2. Re-read questions. Pay attention and know the meaning of key words (e.g., explain, contrast, compare).
  3. Outline your answer.
  4. Include an introduction, middle, and conclusion to your essay.
  5. Include details.
  6. Be general when you aren’t sure of the exact detail (e.g., It is better to write “late
    fourteen hundreds” rather than 1493 if the true date is 1492).

Short Answer

  1. Pay attention to grammar.
  2. Answer within the context of the course.
  3. Use terms the instructor used.
  4. If you are having a problem, answer by giving an example.
  5. Beef up your answers if you have time.


  1. Pay attention to qualifying words (e.g., always, never)
  2. The answer is false if any part is false.
  3. Do not look for patterns.
  4. Guess if you don’t know.
  5. Stick with your first answer unless you are sure you are wrong.


  1. Read the question.
  2. Re-read getting important information.
  3. If there is a multiple option, estimate your answer.
  4. Work backwards (e.g., 2 + 3 = 5, 5 - 2 = 3)
  5. Watch for careless errors.

Important Words in Essay Questions

The following terms appear frequently in the phrasing of essay questions. You should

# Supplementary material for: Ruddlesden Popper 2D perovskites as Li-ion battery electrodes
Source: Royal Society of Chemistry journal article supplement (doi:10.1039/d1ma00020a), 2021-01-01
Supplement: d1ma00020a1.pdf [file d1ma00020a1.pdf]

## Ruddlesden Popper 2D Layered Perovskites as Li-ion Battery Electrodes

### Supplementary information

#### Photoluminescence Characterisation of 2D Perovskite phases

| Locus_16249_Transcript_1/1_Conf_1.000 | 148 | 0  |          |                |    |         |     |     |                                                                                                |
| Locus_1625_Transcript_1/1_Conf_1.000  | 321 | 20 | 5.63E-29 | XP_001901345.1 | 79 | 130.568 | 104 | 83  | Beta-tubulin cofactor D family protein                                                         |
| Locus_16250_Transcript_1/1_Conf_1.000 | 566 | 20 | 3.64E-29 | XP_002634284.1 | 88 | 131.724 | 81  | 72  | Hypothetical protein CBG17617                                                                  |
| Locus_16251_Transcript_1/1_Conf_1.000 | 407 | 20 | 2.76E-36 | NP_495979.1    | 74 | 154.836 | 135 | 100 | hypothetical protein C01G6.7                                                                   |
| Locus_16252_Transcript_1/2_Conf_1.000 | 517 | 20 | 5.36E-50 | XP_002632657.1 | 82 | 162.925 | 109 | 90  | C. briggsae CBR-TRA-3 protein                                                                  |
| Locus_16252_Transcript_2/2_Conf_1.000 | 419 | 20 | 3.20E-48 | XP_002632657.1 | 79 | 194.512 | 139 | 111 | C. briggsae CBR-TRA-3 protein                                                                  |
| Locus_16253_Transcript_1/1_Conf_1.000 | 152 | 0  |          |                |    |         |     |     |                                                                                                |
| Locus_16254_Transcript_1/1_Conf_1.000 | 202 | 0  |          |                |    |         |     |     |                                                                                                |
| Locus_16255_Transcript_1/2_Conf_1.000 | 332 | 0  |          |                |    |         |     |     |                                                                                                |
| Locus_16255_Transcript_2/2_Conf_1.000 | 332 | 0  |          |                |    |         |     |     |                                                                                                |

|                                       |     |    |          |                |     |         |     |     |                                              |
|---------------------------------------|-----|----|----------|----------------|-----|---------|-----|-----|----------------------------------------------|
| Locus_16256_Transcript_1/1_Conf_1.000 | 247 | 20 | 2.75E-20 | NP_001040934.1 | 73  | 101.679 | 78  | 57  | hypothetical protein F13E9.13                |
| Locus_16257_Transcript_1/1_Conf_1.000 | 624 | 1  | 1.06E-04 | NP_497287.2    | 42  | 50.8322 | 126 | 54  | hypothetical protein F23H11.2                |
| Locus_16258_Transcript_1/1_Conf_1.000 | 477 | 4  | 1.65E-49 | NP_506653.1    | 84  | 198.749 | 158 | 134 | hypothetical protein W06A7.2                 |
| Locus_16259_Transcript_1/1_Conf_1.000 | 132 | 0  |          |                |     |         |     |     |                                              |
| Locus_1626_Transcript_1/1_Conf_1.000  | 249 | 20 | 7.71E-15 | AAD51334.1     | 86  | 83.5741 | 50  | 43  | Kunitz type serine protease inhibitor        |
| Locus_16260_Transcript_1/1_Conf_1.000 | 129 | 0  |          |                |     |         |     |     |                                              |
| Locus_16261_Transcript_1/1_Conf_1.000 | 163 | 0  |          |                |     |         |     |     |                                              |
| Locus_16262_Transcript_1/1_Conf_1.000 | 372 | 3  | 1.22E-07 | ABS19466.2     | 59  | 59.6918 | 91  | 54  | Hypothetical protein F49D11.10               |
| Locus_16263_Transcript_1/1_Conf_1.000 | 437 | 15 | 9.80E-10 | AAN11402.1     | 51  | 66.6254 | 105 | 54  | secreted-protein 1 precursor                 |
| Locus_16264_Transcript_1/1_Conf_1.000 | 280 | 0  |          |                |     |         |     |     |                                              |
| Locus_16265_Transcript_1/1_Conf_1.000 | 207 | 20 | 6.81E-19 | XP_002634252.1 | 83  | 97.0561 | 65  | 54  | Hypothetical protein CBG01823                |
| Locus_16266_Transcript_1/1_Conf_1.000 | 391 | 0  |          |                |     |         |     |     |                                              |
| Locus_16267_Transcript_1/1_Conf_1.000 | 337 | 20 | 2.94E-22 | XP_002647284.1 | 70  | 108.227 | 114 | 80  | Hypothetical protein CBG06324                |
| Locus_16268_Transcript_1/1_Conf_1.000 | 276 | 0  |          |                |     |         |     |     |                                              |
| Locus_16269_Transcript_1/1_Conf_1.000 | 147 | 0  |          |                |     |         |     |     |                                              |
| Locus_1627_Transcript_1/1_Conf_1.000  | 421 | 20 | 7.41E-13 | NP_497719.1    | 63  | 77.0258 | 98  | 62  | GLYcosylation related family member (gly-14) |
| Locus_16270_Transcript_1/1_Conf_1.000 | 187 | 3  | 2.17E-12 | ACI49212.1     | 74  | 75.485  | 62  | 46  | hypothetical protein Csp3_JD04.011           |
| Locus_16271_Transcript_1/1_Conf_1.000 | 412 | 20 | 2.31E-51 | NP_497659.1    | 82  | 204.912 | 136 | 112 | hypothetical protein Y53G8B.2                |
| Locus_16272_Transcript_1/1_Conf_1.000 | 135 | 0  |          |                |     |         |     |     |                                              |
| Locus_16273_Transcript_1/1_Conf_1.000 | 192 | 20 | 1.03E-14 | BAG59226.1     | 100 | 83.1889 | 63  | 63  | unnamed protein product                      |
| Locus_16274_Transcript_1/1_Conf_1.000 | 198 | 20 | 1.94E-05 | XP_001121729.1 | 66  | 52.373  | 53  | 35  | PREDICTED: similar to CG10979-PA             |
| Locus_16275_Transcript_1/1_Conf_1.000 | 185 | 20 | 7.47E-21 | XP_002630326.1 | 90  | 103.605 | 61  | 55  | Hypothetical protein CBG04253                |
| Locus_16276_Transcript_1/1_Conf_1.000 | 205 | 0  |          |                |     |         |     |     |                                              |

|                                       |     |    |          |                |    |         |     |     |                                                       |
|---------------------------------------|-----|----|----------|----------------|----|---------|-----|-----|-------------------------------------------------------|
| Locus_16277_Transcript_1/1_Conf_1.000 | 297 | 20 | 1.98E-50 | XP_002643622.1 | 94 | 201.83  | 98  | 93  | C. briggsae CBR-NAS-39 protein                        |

know their meaning and answer accordingly. (This list and the sense of definitions, though
not the exact words, are adapted from C. Bird and C. M. Bird, Learning More by Effective
, Appletom Century Crofts, New York, 1945, pp. 195-198.)

Look for qualities or characteristics that resemble each other. Emphasize similarities
among them but in some cases also mention differences.
Stress the dissimilarities, differences, or unlikeness of things, qualities, events,
or problems.
Express your judgment about the merit or truth of the factors or views mentioned. Give
the results or your analysis of these factors, discussing their limitations and good
Give concise, clear and authoriative meanings. Don’t give details, but make sure to
give the limits of the definition. Show how the things you are defining differs from
the things in other classes.
Recount, characterize, sketch, or relate in sequence or story form.
Give a drawing, chart, plan, or graphic answer. Usually you should label a diagram.
In some cases, add a brief explanation or description.
Examine, analyze carefully, and give reasons pro and con. Be complete, and give details.
Write in list or outline form, giving points concisely one by one.
Carefully appraise the problem, citing both advantages and limitations. Emphasize the
appraisal of authorities and, to a lesser degree, your personal evaluation.
Clarify, interpret, and spell out the material you present. Give reasons for differences
of opinion or of results, and try to analyze causes.
Use a figure, picture, diagram, or concrete example to explain or clarify a problem.
Translate, give examples of, solve, or comment on a subject, usually giving your judgment
about it.
As in "enumerate," write an itemized series of concise statements.
Organize a description under main points and subordinate points, omitting minor details
and stressing the arrangement or classification of things.

See also Basic Study Techniques